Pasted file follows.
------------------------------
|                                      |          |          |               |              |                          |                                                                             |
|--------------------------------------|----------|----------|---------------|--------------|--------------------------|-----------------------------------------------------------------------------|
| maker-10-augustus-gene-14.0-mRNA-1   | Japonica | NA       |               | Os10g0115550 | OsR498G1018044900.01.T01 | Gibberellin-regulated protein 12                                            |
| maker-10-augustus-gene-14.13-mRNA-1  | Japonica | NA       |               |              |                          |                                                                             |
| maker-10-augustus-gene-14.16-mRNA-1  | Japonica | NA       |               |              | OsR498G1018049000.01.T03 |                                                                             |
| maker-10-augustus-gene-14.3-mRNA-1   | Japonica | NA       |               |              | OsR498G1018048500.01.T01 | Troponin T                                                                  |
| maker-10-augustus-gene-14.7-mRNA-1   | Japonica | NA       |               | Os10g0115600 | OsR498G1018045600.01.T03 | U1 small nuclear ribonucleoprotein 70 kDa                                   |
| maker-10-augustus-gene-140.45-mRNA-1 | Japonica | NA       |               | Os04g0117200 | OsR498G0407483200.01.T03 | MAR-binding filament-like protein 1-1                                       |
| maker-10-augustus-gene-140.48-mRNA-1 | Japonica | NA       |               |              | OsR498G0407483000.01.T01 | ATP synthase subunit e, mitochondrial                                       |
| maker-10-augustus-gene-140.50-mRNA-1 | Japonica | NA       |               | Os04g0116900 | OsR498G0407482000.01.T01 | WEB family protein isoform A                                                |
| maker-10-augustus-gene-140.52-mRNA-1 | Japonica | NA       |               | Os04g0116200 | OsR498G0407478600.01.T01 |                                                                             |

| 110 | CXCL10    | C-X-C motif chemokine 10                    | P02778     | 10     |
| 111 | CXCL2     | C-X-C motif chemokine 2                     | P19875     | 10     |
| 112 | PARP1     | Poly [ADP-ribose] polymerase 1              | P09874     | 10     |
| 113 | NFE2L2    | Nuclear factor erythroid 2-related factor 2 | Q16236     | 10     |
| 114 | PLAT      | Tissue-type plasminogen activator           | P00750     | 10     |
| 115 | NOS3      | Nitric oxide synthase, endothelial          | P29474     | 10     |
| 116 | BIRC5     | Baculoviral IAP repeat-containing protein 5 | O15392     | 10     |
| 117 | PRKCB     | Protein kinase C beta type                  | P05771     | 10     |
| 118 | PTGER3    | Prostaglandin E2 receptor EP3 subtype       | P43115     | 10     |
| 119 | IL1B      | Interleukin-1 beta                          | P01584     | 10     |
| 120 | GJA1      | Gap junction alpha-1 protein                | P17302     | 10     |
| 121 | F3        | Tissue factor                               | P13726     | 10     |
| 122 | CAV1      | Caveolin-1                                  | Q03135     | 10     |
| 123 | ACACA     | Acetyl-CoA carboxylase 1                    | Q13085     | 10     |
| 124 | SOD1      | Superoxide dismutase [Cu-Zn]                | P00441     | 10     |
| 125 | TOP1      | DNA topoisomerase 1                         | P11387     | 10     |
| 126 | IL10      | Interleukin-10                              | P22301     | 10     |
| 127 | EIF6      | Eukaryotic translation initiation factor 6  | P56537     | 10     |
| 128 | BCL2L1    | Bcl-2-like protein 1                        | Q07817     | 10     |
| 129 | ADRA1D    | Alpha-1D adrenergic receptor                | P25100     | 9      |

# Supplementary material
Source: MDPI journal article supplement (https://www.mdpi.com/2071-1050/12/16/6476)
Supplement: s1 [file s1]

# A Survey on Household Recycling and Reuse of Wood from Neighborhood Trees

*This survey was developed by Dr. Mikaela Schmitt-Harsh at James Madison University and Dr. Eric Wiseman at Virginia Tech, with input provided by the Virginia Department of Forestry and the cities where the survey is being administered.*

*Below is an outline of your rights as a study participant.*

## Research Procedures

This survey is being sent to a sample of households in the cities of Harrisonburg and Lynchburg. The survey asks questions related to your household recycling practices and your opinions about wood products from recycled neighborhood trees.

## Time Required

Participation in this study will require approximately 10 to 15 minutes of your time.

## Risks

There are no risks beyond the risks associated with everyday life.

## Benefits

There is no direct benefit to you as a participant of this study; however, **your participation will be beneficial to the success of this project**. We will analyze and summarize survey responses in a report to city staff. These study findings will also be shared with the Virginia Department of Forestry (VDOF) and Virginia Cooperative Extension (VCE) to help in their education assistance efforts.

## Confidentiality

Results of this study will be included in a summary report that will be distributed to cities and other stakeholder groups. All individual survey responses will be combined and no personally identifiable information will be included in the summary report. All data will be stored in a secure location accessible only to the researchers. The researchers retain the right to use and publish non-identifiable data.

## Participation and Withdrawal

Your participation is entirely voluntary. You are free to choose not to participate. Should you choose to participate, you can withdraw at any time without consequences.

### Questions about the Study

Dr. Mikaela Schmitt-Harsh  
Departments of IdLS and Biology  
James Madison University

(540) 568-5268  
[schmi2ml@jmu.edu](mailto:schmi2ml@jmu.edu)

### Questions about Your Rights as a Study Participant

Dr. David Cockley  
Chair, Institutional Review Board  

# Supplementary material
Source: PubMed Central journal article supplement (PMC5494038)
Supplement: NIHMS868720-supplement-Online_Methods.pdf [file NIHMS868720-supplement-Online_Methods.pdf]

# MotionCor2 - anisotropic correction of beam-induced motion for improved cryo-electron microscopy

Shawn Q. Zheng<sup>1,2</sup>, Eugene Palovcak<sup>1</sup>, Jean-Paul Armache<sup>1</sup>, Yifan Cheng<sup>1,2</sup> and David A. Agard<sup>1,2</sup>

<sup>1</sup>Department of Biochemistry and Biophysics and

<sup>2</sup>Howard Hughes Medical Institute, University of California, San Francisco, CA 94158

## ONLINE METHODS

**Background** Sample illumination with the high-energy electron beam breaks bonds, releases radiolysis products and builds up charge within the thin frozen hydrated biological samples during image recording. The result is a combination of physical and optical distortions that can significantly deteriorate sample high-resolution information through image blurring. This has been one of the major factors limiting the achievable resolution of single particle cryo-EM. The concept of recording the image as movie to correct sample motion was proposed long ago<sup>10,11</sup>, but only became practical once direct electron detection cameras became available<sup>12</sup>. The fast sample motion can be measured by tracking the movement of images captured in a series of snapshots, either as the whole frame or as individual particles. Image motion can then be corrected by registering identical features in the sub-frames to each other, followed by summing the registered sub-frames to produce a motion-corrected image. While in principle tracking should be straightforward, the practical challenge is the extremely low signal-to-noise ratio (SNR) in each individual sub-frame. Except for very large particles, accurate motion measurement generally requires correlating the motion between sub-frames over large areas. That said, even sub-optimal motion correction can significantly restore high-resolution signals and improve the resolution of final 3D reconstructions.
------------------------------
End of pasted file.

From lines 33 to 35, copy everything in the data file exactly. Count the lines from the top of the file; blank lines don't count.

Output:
Source: MDPI journal article supplement (https://www.mdpi.com/2071-1050/12/16/6476)
Supplement: s1 [file s1]

# A Survey on Household Recycling and Reuse of Wood from Neighborhood Trees